Monday, June 10, 2013

U.S. mining data from Internet ‘partners’

Has your online communication fallen under government surveillance? The Washington Post and the Guardian reported Thursday that the U.S. government is collecting data from top U.S. service providers -- Microsoft, Yahoo, Google, Facebook, PalTalk, AOL, Skype, YouTube and Apple.

Through a program that is code-named PRISM, the National Security Agency (NSA), the Federal Bureau of Investigations and the GCHQ (Britain’s equivalent of the NSA) ARE extracting audio and video chats, photographs, emails, documents and connection logs directly from these Internet companies’ servers.

As reported by Barton Gellman and Laura Poitras:
“The program, code-named PRISM, has not been made public until now. It may be the first of its kind. The NSA prides itself on stealing secrets and breaking codes, and it is accustomed to corporate partnerships that help it divert data traffic or sidestep barriers. But there has never been a Google or Facebook before, and it is unlikely that there are richer troves of valuable intelligence than the ones in Silicon Valley.”
For the Washington Post, Hayley Tsukayama related that users have reacted with outrage, in spite of denials by Apple, Google, Microsoft, Yahoo and Facebook that they granted the government access to their servers.
“It’s hard to capture all of the reactions out there, but let’s just say words like ‘disgusting,’ ‘big brother’ and ‘outrageous’ are some of the most common phrases cropping up across the Web. Even those who expected to hear news like this someday seem disappointed.”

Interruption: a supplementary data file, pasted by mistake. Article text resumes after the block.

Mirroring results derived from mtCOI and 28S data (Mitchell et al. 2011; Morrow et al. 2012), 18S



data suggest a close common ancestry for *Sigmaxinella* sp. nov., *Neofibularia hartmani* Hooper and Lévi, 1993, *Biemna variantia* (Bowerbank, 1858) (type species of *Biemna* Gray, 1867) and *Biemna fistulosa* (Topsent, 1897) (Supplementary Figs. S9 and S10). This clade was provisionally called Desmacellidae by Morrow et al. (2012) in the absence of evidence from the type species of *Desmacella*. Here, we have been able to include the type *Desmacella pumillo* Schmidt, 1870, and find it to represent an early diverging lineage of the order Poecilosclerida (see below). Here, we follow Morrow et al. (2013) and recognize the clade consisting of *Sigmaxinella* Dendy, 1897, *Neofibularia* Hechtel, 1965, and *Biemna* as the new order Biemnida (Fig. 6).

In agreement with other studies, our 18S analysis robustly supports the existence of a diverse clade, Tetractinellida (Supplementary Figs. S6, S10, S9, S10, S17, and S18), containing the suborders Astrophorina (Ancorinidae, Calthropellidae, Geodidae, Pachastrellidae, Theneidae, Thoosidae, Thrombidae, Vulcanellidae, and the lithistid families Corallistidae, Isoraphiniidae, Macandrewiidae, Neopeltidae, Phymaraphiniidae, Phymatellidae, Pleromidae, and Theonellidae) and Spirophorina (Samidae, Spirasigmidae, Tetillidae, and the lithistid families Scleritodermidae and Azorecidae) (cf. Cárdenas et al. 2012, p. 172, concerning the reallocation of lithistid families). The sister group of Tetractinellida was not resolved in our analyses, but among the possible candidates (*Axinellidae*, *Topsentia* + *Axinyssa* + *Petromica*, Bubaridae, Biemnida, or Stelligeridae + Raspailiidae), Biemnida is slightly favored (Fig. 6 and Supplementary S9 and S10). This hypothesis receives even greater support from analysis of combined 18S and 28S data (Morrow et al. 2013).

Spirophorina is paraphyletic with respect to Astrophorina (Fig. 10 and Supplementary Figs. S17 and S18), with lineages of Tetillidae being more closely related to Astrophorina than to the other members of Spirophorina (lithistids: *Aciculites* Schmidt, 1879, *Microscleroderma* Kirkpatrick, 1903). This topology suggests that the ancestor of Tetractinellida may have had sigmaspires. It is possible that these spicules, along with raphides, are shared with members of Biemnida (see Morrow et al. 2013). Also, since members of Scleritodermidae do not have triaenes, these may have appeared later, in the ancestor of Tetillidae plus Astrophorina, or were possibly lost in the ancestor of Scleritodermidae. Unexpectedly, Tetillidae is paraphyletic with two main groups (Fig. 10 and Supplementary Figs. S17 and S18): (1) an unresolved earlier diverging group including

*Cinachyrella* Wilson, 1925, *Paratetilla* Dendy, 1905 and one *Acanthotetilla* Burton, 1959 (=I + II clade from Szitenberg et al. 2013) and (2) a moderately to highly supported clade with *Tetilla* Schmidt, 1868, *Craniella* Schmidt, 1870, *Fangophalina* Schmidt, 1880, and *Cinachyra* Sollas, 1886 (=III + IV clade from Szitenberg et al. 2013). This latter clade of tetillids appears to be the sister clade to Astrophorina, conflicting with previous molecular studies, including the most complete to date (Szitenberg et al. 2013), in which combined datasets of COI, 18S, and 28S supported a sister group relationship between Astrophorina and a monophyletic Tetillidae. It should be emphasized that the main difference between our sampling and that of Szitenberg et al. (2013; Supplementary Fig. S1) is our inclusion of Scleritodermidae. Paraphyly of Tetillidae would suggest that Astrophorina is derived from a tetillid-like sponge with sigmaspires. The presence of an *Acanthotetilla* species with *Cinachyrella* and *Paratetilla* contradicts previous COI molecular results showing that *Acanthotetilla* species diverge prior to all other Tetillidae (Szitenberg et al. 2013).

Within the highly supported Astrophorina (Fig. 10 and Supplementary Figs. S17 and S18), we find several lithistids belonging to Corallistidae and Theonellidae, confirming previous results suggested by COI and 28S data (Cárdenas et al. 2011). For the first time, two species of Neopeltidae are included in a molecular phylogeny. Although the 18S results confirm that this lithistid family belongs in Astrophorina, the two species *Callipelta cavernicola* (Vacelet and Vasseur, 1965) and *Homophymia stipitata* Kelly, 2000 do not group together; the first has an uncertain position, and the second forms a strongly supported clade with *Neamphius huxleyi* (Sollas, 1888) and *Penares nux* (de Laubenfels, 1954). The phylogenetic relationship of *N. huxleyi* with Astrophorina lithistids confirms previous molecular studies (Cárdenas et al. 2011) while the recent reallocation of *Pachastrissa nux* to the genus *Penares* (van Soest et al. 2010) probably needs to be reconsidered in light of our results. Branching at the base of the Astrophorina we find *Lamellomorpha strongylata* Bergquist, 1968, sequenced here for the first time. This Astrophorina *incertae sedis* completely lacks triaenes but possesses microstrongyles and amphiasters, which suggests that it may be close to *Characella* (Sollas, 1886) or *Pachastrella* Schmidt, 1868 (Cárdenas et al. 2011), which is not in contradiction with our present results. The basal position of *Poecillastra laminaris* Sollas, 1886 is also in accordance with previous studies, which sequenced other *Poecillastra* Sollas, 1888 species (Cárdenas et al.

Among U.S. Internet companies having to deal with the fallout, Twitter has emerged from the controversy with a reputation for user privacy as reported by Rachel Weiner for the Washington Post. She highlights Twitter’s absence from the “private sector partners” in Gellman and Poitras’ report.

As reported by Gellman and Poitras, Oregon senator Ron Wyden, a member of the Senate Intelligence Committee, “repeatedly asked the NSA to estimate the number of Americans whose communications had been incidentally collected.”

Wyden and Colorado senator Mark Udall had classified knowledge of the program but were unable to speak of it. Wyden and Udall warned during a Dec. 27, 2012 floor debate that the “the FISA Amendments Act had what both of them called a ‘back-door search loophole’ for the content of innocent Americans who were swept up in a search for someone else.”

Tech specialist Edward Snowden identified himself Sunday as the principal source of the disclosure. As related by Gellman, Aaron Blake and Greg Miller, “Snowden said he is seeking ‘asylum from any countries that believe in free speech and oppose the victimization of global privacy.’”

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